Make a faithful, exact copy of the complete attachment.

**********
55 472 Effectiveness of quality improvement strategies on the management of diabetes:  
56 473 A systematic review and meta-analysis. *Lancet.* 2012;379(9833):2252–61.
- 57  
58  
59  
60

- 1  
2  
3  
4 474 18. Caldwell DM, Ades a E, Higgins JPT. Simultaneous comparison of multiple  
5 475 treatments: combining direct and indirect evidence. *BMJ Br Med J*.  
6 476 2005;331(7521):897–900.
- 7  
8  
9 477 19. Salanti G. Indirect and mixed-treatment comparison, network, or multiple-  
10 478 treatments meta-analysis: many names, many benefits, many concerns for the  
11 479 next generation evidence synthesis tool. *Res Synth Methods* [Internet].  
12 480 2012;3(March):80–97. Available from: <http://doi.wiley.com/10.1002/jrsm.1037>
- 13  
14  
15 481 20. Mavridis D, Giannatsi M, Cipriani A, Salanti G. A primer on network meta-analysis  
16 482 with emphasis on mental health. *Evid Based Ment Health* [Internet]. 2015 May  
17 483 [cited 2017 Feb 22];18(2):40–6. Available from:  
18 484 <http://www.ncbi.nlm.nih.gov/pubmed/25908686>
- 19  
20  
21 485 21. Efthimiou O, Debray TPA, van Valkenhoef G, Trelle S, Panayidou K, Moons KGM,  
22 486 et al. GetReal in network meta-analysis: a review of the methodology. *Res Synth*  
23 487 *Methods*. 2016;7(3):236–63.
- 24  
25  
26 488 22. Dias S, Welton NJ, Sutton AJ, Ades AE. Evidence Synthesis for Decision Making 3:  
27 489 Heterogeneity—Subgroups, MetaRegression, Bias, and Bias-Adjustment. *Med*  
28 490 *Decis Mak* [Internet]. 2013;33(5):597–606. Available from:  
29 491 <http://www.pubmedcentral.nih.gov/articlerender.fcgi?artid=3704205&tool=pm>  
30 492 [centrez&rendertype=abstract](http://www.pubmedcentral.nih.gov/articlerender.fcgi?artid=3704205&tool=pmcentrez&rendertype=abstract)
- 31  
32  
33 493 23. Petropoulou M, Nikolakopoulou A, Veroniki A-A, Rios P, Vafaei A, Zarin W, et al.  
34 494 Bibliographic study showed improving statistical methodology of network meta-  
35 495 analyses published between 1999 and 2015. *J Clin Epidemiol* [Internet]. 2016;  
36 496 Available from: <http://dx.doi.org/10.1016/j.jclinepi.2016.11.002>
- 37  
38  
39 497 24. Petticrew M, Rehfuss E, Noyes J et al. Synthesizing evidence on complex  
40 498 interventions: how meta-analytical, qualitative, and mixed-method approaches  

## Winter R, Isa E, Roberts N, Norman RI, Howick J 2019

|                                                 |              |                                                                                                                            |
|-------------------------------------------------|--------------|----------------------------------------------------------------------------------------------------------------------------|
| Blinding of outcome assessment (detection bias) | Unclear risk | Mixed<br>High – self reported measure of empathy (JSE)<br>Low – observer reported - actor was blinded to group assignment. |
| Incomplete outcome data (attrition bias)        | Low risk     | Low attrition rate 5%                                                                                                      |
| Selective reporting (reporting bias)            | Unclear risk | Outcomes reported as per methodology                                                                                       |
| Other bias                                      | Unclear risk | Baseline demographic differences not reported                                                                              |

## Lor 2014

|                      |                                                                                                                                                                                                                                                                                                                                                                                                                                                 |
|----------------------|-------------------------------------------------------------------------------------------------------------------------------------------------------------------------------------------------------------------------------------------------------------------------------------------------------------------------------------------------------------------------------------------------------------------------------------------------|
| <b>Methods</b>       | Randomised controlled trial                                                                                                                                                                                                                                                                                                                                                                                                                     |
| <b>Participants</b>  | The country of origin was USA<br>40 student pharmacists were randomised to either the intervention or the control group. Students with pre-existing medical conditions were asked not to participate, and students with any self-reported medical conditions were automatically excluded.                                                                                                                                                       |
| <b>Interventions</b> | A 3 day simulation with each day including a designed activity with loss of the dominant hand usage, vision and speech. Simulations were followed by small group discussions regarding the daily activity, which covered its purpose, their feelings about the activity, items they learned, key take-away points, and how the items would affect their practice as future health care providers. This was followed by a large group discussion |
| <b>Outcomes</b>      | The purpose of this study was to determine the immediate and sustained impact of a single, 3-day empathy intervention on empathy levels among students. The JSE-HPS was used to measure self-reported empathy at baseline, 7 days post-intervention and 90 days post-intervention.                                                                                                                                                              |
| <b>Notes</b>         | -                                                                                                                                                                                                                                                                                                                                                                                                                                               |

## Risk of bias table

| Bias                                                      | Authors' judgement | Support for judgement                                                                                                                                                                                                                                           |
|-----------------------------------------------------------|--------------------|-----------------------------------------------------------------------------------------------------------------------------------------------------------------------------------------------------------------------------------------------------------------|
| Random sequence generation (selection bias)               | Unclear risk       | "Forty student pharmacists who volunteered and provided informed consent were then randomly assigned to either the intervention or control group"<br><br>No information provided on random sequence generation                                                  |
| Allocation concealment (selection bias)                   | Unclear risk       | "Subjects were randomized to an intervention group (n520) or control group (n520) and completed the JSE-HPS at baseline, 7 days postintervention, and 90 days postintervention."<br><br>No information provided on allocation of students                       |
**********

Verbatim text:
55 472 Effectiveness of quality improvement strategies on the management of diabetes:  
56 473 A systematic review and meta-analysis. *Lancet.* 2012;379(9833):2252–61.
- 57  
58  
59  
60

- 1  
2  
3  
4 474 18. Caldwell DM, Ades a E, Higgins JPT. Simultaneous comparison of multiple  
5 475 treatments: combining direct and indirect evidence. *BMJ Br Med J*.  
6 476 2005;331(7521):897–900.
- 7  
8  
9 477 19. Salanti G. Indirect and mixed-treatment comparison, network, or multiple-  
10 478 treatments meta-analysis: many names, many benefits, many concerns for the  
11 479 next generation evidence synthesis tool. *Res Synth Methods* [Internet].  
12 480 2012;3(March):80–97. Available from: <http://doi.wiley.com/10.1002/jrsm.1037>
- 13  
14  
15 481 20. Mavridis D, Giannatsi M, Cipriani A, Salanti G. A primer on network meta-analysis  
16 482 with emphasis on mental health. *Evid Based Ment Health* [Internet]. 2015 May  
17 483 [cited 2017 Feb 22];18(2):40–6. Available from:  
18 484 <http://www.ncbi.nlm.nih.gov/pubmed/25908686>
- 19  
20  
21 485 21. Efthimiou O, Debray TPA, van Valkenhoef G, Trelle S, Panayidou K, Moons KGM,  
22 486 et al. GetReal in network meta-analysis: a review of the methodology. *Res Synth*  
23 487 *Methods*. 2016;7(3):236–63.
- 24  
25  
26 488 22. Dias S, Welton NJ, Sutton AJ, Ades AE. Evidence Synthesis for Decision Making 3:  
27 489 Heterogeneity—Subgroups, MetaRegression, Bias, and Bias-Adjustment. *Med*  
28 490 *Decis Mak* [Internet]. 2013;33(5):597–606. Available from:  
29 491 <http://www.pubmedcentral.nih.gov/articlerender.fcgi?artid=3704205&tool=pm>  
30 492 [centrez&rendertype=abstract](http://www.pubmedcentral.nih.gov/articlerender.fcgi?artid=3704205&tool=pmcentrez&rendertype=abstract)
- 31  
32  
33 493 23. Petropoulou M, Nikolakopoulou A, Veroniki A-A, Rios P, Vafaei A, Zarin W, et al.  
34 494 Bibliographic study showed improving statistical methodology of network meta-  
35 495 analyses published between 1999 and 2015. *J Clin Epidemiol* [Internet]. 2016;  
36 496 Available from: <http://dx.doi.org/10.1016/j.jclinepi.2016.11.002>
- 37  
38  
39 497 24. Petticrew M, Rehfuss E, Noyes J et al. Synthesizing evidence on complex  
40 498 interventions: how meta-analytical, qualitative, and mixed-method approaches  

## Winter R, Isa E, Roberts N, Norman RI, Howick J 2019

|                                                 |              |                                                                                                                            |
|-------------------------------------------------|--------------|----------------------------------------------------------------------------------------------------------------------------|
| Blinding of outcome assessment (detection bias) | Unclear risk | Mixed<br>High – self reported measure of empathy (JSE)<br>Low – observer reported - actor was blinded to group assignment. |
| Incomplete outcome data (attrition bias)        | Low risk     | Low attrition rate 5%                                                                                                      |
| Selective reporting (reporting bias)            | Unclear risk | Outcomes reported as per methodology                                                                                       |
| Other bias                                      | Unclear risk | Baseline demographic differences not reported                                                                              |

## Lor 2014

|                      |                                                                                                                                                                                                                                                                                                                                                                                                                                                 |
|----------------------|-------------------------------------------------------------------------------------------------------------------------------------------------------------------------------------------------------------------------------------------------------------------------------------------------------------------------------------------------------------------------------------------------------------------------------------------------|
| <b>Methods</b>       | Randomised controlled trial                                                                                                                                                                                                                                                                                                                                                                                                                     |
| <b>Participants</b>  | The country of origin was USA<br>40 student pharmacists were randomised to either the intervention or the control group. Students with pre-existing medical conditions were asked not to participate, and students with any self-reported medical conditions were automatically excluded.                                                                                                                                                       |
| <b>Interventions</b> | A 3 day simulation with each day including a designed activity with loss of the dominant hand usage, vision and speech. Simulations were followed by small group discussions regarding the daily activity, which covered its purpose, their feelings about the activity, items they learned, key take-away points, and how the items would affect their practice as future health care providers. This was followed by a large group discussion |
| <b>Outcomes</b>      | The purpose of this study was to determine the immediate and sustained impact of a single, 3-day empathy intervention on empathy levels among students. The JSE-HPS was used to measure self-reported empathy at baseline, 7 days post-intervention and 90 days post-intervention.                                                                                                                                                              |
| <b>Notes</b>         | -                                                                                                                                                                                                                                                                                                                                                                                                                                               |

## Risk of bias table

| Bias                                                      | Authors' judgement | Support for judgement                                                                                                                                                                                                                                           |
|-----------------------------------------------------------|--------------------|-----------------------------------------------------------------------------------------------------------------------------------------------------------------------------------------------------------------------------------------------------------------|
| Random sequence generation (selection bias)               | Unclear risk       | "Forty student pharmacists who volunteered and provided informed consent were then randomly assigned to either the intervention or control group"<br><br>No information provided on random sequence generation                                                  |
| Allocation concealment (selection bias)                   | Unclear risk       | "Subjects were randomized to an intervention group (n520) or control group (n520) and completed the JSE-HPS at baseline, 7 days postintervention, and 90 days postintervention."<br><br>No information provided on allocation of students                       |